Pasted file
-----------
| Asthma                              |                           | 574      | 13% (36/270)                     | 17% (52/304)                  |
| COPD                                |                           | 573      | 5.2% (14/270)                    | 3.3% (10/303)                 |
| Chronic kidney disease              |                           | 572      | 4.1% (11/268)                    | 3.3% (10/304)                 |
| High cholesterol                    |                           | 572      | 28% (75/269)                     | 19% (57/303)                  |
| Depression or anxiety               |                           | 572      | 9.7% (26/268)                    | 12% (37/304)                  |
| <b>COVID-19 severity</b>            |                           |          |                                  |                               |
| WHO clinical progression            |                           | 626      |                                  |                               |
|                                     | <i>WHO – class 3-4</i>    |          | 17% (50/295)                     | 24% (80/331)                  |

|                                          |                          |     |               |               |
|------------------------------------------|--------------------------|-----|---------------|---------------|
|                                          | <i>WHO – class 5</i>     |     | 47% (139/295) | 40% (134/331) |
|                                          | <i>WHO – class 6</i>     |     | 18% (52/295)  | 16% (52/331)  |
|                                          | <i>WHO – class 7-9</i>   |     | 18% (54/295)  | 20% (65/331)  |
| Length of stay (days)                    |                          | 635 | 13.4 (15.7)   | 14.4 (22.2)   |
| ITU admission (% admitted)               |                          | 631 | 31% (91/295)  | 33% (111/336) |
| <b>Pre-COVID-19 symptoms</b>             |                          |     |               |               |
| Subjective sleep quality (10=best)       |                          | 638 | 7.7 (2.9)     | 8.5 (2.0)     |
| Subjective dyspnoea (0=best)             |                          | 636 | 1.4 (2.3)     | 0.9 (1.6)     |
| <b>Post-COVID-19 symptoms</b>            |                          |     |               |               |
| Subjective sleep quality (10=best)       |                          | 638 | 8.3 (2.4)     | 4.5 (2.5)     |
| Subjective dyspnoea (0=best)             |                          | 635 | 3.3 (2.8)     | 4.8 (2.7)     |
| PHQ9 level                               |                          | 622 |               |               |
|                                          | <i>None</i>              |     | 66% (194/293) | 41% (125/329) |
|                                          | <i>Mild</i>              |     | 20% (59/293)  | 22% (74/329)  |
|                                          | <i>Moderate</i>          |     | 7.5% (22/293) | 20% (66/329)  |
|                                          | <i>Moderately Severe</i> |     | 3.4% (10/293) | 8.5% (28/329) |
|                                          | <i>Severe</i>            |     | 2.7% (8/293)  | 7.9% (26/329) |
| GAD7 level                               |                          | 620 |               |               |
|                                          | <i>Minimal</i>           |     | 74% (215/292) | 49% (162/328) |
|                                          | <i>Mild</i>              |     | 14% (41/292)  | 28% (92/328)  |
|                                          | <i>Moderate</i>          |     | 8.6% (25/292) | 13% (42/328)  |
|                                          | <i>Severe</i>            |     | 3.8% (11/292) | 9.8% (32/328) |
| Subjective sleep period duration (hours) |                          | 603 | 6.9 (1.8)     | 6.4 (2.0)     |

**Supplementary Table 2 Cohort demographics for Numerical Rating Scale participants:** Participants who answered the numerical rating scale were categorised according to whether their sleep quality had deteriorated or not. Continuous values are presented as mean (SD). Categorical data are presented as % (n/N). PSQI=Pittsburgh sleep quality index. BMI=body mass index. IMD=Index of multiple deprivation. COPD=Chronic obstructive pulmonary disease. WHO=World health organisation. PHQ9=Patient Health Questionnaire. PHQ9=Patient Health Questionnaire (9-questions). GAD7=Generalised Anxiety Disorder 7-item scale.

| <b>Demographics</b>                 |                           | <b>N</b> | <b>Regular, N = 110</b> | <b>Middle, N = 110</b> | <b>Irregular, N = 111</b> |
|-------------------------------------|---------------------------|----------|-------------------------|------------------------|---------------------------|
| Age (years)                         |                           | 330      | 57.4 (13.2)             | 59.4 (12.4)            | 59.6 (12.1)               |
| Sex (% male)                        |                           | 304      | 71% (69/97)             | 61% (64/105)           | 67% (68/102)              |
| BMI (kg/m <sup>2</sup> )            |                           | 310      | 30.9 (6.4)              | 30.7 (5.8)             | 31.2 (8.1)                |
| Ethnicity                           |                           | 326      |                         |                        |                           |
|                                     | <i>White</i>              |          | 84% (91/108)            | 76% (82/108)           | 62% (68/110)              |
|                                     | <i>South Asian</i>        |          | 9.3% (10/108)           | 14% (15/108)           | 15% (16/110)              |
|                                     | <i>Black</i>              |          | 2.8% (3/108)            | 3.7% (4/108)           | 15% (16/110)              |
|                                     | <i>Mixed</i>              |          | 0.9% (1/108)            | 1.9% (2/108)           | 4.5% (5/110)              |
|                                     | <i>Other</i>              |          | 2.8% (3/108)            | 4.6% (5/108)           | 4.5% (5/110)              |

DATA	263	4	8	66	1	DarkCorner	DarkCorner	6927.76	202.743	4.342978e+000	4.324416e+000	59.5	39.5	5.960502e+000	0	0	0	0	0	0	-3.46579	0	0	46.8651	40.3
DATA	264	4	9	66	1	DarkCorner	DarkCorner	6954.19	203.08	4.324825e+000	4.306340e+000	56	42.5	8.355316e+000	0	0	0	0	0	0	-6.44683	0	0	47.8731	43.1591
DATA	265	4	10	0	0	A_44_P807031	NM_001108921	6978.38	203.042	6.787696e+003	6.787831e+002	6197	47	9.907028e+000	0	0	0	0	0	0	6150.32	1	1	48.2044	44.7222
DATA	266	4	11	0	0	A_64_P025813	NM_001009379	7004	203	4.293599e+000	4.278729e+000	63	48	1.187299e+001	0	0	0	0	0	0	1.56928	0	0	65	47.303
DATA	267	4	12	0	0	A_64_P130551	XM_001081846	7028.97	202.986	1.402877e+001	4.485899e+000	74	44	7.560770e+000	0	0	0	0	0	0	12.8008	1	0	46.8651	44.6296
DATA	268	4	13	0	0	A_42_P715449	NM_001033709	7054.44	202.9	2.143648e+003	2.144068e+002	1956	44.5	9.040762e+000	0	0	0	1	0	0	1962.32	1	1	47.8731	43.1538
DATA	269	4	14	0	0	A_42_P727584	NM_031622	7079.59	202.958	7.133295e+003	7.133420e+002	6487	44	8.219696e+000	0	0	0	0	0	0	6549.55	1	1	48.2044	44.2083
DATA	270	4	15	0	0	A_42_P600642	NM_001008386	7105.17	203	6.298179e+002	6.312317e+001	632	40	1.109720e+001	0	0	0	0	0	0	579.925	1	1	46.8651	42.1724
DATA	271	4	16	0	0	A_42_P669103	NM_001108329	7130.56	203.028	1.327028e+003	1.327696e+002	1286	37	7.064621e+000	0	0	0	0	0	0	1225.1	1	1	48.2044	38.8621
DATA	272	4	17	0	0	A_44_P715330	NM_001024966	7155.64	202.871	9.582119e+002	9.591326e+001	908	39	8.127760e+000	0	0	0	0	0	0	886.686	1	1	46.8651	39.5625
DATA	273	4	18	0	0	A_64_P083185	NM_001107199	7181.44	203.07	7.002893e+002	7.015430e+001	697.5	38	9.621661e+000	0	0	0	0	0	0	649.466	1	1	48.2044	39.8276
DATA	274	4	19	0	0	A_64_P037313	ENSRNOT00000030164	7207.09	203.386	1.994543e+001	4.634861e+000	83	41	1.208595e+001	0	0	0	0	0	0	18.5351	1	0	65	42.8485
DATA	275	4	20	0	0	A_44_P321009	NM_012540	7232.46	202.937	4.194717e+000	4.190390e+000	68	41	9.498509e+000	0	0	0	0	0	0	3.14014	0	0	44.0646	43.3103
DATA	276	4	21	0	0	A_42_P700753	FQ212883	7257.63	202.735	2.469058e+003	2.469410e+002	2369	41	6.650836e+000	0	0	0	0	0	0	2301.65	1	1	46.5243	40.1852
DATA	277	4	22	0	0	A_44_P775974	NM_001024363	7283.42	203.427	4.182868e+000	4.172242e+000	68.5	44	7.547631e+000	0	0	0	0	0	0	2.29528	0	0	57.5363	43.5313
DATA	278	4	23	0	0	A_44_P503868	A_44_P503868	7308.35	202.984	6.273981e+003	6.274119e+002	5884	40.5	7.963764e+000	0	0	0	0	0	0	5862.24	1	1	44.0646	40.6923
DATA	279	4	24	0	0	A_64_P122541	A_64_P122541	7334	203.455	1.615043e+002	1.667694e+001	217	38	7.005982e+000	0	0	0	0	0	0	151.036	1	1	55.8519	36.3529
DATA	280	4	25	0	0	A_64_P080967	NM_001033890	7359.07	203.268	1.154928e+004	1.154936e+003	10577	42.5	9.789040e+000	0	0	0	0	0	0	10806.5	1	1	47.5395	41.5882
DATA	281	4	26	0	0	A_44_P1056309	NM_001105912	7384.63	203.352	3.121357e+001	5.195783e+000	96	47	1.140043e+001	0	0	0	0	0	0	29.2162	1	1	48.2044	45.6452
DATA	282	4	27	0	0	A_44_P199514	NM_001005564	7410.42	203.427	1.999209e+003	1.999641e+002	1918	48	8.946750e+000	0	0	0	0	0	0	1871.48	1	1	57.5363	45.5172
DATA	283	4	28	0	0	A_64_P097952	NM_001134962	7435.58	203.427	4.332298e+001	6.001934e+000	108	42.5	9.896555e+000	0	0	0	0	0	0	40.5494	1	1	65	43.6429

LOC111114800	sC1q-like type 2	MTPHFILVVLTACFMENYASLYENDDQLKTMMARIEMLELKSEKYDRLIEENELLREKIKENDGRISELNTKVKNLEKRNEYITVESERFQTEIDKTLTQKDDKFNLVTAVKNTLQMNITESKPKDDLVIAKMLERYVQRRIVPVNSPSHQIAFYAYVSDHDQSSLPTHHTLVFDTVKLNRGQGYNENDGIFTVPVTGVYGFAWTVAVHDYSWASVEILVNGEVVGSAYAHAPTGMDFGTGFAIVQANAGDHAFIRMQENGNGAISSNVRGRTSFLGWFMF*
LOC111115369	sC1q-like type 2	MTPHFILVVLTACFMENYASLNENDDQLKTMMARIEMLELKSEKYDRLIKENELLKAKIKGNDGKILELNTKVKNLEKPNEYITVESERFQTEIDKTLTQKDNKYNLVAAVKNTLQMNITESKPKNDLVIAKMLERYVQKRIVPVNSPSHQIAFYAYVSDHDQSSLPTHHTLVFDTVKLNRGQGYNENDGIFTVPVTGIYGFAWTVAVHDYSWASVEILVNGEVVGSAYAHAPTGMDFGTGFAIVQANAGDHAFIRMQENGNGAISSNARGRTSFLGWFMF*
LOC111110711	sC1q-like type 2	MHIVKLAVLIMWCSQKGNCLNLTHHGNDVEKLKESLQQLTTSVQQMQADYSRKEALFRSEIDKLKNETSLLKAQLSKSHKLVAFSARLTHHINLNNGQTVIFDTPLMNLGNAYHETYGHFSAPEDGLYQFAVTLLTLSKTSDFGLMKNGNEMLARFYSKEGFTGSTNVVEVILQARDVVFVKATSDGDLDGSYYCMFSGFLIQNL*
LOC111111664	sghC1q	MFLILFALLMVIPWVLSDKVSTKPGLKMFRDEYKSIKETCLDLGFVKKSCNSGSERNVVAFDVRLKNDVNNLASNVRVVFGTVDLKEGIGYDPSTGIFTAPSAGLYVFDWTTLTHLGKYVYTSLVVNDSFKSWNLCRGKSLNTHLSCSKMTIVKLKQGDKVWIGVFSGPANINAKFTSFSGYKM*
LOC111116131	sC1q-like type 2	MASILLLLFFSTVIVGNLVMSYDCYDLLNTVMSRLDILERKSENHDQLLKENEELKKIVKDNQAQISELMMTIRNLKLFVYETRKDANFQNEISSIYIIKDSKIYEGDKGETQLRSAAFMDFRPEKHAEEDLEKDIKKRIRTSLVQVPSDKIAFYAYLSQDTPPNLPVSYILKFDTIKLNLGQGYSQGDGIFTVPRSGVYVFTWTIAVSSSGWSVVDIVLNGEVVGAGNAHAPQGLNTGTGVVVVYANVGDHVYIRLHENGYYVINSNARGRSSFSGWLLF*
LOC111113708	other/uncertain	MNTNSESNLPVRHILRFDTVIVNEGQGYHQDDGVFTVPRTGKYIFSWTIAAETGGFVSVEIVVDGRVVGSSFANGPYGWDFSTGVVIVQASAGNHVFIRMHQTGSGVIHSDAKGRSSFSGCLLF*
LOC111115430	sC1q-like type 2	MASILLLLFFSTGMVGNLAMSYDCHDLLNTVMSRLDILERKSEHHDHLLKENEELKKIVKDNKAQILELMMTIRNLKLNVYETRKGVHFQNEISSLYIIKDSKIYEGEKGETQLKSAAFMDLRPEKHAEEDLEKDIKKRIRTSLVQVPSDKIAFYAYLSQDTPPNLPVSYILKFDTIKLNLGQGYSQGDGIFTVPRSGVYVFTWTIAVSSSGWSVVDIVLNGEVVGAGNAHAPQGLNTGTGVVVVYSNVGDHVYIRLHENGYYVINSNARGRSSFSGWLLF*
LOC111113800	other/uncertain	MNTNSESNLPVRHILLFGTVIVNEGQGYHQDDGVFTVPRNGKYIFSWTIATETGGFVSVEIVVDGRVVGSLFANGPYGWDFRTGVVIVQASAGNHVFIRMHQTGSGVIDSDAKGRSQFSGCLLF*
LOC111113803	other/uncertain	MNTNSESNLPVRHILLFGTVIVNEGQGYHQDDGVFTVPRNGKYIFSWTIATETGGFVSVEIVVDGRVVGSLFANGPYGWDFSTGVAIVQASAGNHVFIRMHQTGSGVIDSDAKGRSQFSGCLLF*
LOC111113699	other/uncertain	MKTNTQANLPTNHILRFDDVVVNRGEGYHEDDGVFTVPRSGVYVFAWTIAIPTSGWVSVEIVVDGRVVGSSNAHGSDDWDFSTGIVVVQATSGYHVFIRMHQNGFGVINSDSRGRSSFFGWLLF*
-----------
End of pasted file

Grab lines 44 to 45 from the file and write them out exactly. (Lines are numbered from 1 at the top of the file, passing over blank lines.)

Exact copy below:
|                                     | <i>Mixed</i>              |          | 0.9% (1/108)            | 1.9% (2/108)           | 4.5% (5/110)              |
|                                     | <i>Other</i>              |          | 2.8% (3/108)            | 4.6% (5/108)           | 4.5% (5/110)              |